The daughter of farmers, Halla always knew and loved fresh food, but it wasn’t until she had children of her own that nutritious and organic food became a non-negotiable. In 2012, she began teaching nutrition classes out of her home and cooking raw and organic food for her students. This evolved into a lunch catering service for businesses and individuals and finally into brick-and-mortar when Halla opened Hjá Höllu in a former bank in the heart of Grindavik. The restaurant bustles with locals and tourists daily and still receives between 300 and 500 lunch orders for delivery every single day.
The Unlikely Microbrewer
Life gave Agnes Anna Sigurdardottir lemons, and she made beer. When her husband Ólafur, a fisherman for 26 years, sustained a career-ending knee injury at sea, the couple suddenly had to start from scratch. How would they support their four children? Struck by a television interview with a Danish brewer, Agnes thought she could make great beer using the spring water flowing from Sólarfjall mountain in her backyard. And just like that, their fishing village Árskógssandur (population: 100) became the unlikely home of Iceland’s first microbrewery, .
At Kaldi, now ten years old, Agnes, Ólafur, and their second-oldest son Sigurður (Siggi) make Czech-style beers, which are unpasteurized, with no preservatives or added sugar. Siggi (26) is Kaldi’s brewmaster and a part owner in the brewery. His two younger siblings, Ester and Svavar, work with him in the summer. Agnes’ father and her uncle support Kaldi financially and serve on a board, and Ólafur works full time in the brewery as a brewer with his son and is the chairman of the board.
They work hard, and they do it alongside the people they love. They accept help. And they remember that their family is their business, too.
Kaldi beer is prevalent all over Iceland — including brews like a dark pilsner, IPA, and Stinnings Kaldi made with angelica picked on Hrisey island, which gives it an anise flavor. They offer tours of their brewery every day and last summer opened the Kaldi Beer Spa, a traditional Czech bathing treatment that includes beer, yeast, hops, beer salt, and beer oil and purports to improve skin conditions, reduce wrinkles, hydrate skin, open pores, stimulate circulation, and even increase metabolism. All that, and you get a a Kaldi beer to sip on.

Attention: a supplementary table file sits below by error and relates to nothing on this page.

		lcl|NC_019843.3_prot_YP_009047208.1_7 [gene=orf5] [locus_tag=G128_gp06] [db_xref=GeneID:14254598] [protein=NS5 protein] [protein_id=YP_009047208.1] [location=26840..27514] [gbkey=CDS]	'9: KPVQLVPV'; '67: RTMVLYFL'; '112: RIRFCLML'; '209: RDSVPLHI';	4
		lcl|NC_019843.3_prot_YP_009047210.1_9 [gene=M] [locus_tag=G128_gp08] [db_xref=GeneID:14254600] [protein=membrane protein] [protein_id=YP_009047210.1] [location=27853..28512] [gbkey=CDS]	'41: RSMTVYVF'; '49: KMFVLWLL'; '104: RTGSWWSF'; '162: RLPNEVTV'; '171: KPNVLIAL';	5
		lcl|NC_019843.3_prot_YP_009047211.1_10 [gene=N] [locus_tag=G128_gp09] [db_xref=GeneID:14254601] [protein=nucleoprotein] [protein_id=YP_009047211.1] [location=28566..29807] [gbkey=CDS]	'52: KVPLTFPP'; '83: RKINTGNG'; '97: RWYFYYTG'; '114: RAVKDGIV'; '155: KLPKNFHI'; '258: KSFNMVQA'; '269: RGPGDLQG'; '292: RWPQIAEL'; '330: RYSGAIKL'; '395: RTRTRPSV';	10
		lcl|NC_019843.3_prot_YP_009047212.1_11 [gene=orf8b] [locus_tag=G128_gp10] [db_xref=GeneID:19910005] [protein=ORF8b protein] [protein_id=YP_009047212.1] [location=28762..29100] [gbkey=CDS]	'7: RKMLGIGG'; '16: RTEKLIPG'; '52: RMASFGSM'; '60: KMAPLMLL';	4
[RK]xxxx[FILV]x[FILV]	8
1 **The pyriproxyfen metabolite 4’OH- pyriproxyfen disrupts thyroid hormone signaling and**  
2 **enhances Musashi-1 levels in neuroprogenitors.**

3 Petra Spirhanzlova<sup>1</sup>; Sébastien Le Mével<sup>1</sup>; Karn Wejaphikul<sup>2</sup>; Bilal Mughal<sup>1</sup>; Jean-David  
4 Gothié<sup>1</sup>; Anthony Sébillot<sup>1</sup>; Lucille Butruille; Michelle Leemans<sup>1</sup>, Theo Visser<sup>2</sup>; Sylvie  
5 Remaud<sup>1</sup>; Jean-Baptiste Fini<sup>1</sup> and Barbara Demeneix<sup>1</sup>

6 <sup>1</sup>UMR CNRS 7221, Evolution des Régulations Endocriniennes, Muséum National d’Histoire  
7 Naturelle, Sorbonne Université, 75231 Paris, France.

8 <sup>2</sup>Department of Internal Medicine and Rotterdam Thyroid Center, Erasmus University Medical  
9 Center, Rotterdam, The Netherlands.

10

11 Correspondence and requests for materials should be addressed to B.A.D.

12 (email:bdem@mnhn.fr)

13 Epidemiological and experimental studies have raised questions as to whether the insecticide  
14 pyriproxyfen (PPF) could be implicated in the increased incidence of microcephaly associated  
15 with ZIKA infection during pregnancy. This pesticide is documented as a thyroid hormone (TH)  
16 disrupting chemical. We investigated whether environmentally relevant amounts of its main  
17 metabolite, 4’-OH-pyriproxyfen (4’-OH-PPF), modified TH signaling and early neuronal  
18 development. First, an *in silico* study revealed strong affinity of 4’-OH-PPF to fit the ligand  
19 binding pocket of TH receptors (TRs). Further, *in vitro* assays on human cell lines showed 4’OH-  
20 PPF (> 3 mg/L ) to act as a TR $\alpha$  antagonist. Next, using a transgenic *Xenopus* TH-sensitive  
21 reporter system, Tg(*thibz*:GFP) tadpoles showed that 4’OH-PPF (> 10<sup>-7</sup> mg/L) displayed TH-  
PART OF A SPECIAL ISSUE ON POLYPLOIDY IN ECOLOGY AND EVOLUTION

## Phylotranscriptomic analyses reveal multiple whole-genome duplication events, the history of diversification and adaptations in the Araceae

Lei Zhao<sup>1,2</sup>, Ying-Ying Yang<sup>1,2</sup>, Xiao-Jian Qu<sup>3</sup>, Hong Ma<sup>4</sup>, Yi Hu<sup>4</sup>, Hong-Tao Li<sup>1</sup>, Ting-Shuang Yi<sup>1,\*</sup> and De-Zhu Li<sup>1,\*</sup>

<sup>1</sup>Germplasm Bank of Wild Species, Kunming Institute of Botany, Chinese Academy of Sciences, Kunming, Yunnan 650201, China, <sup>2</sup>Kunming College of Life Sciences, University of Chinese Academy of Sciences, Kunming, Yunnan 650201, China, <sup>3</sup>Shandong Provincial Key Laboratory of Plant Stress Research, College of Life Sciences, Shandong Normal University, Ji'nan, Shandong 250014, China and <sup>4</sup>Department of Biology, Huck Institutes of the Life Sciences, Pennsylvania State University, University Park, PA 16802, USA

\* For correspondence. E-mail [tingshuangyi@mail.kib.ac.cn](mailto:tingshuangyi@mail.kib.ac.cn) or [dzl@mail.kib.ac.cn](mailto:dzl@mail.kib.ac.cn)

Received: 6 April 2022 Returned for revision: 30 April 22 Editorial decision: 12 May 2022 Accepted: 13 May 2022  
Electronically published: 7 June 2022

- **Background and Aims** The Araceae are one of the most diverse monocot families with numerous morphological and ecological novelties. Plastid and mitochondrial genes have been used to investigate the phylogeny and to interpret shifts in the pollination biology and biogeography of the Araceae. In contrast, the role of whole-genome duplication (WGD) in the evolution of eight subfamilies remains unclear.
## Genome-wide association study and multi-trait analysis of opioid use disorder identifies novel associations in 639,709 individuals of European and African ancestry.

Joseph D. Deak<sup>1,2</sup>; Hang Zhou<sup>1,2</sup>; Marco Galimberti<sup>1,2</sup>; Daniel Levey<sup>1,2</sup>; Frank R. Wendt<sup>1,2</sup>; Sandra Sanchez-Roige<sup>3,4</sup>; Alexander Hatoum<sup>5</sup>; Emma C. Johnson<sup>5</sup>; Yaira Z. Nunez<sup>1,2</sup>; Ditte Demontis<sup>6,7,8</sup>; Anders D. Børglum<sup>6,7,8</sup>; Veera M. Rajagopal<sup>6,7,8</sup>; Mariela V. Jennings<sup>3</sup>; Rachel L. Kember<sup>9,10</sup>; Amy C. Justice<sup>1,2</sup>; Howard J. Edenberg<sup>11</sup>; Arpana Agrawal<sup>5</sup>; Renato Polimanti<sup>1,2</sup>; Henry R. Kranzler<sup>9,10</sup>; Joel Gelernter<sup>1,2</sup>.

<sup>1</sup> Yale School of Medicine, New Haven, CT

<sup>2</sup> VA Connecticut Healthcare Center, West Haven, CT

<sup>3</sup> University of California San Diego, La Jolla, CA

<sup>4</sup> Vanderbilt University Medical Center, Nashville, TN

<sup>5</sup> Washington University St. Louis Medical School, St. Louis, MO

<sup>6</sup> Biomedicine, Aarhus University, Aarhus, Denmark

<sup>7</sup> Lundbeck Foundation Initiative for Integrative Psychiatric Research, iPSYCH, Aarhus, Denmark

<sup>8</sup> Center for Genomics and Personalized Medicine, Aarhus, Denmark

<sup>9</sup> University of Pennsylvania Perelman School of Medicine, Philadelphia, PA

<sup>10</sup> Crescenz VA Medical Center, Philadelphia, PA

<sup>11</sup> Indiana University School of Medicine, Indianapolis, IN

It's All Gott
I accidentally met Berglind Sigmars and her husband Siggi during my last few hours in Iceland. They own ('good' in Icelandic), a restaurant in the Westman islands, with a just-opened second location in Reykjavik that I stumbled upon on its second day of operation They’re the kind of people you just want to be around — confident, joyful, and relaxed, even amid the chaos of a restaurant opening. They told me about how all this began, with their son Sigmar. He was diagnosed with Tourette Syndrome at age ten, and Berglind and Siggi were told that the only solution to help his compulsive behavior would be medicines that had their own heartbreaking side effects. Berglind refused and began experimenting with Sigmar’s diet, removing gluten, sugar, and dairy. Within six months, his tics were completely gone. She wrote about this journey, the lessons she’s learned, and the recipes she cooks for her family, and became a best-selling author in Iceland for two cookbooks, Heilsuréttir Fjolskyldunnar (“healthy meals for the family”) and its sequel.
This way of eating is the foundation of their restaurant Gott, which opened in 2014 in the couple’s hometown of Vestmannaeyjar. It serves about 300 people every day in 38 seats and is beloved for for being kid-friendly, affordable, and healthy. But not too serious — there’s still dessert, there’s still a burger. The whole community volunteers to help at the restaurant, which lends a homey vibe. Berglind and Siggi’s fathers come to the restaurant at 9 a.m. every day to tell stories, drink coffee, then get to work fixing things and picking up the recycling. Neighbors offer to iron linens, and, when Gott opened, they donated dishes. Siggi and Berglind’s kids help in the front and back of house during the summer Sigmar cooked alongside his dad before leaving for school — still symptom-free.
The Whiskey Whisperer
Eva María Sigurjónsdóttir and her three cousins were camping, drinking whiskey as they gazed across the barley fields on their family farm. They wondered, “Why isn't anyone making whiskey with Icelandic barley?” And so the foursome founded in 2009 — Iceland’s first and only whiskey distillery. Eimverk uses 100 percent Icelandic barley grown on family-farms around the country, including their own, a vital part of the company’s mission to create spirits fully of the place. They also produce gin and aquavit that burst with Icelandic terroir, the gin tasting of juniper, birch, rhubarb, and kelp.
I met Eva at an intimate lunch with a group of women in food and beverage, and in no time she proudly had bottles of whiskey on the table, including the rare Flóki Single Malt. This is the distillery’s first single-grain whiskey, which they just bottled in November after three years in white oak casks aging in her family’s barn. Her parents, aunt, and uncle grow and smoke the barley, Eva’s 85-year-old grandfather makes the bungs for Eimverk’s barrels, and she and her cousins handle the many facets of running a distillery. “We have different backgrounds,” she says, “And that helps us. We cover each other's weaknesses.”